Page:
On occasion, despite these diagnostic maneuvers, the reason for elevation of liver function tests remains elusive. In the case of recurrent hepatitis C, the biopsy can be misleadingly normal or show the occasional 'Councilman Body' or apoptosis of hepatocytes despite significant elevations in liver function tests. In these cases, conservative management and close observation will eventually reveal the cause for liver function tests abnormality. Not infrequently, repeat biopsies are required before a diagnosis can be established.

The use of routine protocol biopsies is controversial. Although some centers use protocol biopsies in every patient, the occasional findings of histologic rejection in a patient with normal liver function tests and no clinical evidence for rejection can pose a management dilemma. Consequently, most transplant centers have abandoned the use of routine protocol biopsies and rely on either laboratory or clinical abnormalities as a stimulus for liver biopsy and other investigations.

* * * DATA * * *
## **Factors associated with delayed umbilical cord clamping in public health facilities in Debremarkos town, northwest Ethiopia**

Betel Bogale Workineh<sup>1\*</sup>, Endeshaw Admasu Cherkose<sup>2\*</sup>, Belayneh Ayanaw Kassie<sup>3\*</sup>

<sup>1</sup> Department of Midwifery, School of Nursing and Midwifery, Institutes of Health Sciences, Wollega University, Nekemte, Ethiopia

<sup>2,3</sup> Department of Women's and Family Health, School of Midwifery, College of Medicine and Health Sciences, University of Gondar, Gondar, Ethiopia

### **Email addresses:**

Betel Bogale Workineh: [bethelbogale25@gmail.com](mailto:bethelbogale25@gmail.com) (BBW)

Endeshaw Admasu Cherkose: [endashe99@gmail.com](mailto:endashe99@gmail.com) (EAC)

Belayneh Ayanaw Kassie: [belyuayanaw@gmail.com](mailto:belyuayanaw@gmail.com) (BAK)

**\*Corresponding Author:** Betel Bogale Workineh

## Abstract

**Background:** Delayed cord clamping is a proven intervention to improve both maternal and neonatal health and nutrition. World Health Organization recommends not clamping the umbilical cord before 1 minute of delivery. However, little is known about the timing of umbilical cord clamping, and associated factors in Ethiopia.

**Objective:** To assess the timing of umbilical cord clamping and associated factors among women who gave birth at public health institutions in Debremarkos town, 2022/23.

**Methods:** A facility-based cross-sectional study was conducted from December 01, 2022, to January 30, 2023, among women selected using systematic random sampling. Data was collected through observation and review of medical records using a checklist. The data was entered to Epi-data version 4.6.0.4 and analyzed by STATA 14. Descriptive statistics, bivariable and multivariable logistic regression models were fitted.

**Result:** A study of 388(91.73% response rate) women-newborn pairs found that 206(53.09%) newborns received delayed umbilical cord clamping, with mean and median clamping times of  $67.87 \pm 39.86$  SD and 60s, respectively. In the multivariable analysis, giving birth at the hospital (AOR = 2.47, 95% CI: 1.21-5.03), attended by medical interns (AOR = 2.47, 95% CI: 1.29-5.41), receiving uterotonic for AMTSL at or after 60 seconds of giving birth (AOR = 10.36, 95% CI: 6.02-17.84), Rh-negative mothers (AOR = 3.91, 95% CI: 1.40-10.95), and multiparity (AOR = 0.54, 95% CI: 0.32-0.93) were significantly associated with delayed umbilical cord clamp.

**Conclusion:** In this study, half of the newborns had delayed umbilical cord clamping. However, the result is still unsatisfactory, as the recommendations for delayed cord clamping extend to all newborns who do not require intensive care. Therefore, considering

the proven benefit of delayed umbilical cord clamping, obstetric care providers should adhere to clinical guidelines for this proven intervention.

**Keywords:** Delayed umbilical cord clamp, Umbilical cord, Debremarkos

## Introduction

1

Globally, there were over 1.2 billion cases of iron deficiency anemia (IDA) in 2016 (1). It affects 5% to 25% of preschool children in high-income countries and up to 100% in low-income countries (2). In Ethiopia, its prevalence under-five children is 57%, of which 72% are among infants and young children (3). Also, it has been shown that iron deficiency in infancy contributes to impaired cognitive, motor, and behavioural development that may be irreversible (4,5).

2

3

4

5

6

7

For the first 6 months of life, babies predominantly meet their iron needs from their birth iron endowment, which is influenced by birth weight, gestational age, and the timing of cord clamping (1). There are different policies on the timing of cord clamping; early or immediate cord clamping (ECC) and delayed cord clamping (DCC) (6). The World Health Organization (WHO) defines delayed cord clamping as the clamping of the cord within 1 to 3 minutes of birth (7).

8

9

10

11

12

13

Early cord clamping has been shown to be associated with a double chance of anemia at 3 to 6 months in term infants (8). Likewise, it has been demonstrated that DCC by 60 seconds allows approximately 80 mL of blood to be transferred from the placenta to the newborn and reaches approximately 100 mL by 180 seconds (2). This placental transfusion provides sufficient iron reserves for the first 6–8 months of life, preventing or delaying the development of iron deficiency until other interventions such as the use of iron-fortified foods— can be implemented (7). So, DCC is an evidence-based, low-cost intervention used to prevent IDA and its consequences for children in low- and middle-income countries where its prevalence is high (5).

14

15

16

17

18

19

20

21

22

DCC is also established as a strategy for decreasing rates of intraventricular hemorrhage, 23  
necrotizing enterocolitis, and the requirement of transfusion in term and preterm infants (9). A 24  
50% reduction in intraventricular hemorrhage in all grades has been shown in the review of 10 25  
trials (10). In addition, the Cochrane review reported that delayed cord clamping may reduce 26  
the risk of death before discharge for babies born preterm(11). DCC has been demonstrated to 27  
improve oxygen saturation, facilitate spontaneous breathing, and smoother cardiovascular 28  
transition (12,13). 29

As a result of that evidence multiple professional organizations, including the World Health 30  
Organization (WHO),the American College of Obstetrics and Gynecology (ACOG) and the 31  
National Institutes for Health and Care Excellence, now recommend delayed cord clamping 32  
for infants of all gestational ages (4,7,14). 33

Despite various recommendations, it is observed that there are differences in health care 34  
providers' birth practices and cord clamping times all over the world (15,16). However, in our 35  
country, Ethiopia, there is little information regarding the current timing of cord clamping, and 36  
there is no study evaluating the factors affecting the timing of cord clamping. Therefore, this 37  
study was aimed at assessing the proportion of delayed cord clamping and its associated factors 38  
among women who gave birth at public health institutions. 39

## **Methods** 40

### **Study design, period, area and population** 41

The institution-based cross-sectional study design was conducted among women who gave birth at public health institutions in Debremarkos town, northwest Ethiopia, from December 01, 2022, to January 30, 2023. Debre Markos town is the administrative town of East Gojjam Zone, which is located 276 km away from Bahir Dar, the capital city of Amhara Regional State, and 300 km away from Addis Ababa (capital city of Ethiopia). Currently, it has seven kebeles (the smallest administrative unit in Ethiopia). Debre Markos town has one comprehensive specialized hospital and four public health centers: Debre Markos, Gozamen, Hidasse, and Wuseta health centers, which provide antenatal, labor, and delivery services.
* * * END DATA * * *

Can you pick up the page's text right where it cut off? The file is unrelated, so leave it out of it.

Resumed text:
In addition to abnormalities in liver function tests, patients are encouraged to report any potential signs of infection such as fever or chills. If a patient experiences a fever, this is quickly investigated with pancultures for bacterial, fungal, g and viral infections including CMV. A chest x-ray is also part of the routine fever workup and, if there is an indwelling central venous catheter, retrograde cultures are also used. Antibiotic therapy is instituted empirically in the immunosuppressed patient while awaiting the results of the cultures especially if the patient appears septic or toxic. Low-grade fevers can be investigated and managed in an outpatient setting, whereas high fevers, especially in a toxic patient, require urgent readmission to the hospital and may require more thorough investigation such as a CT scan of the abdomen to rule out intra-abdominal sepsis.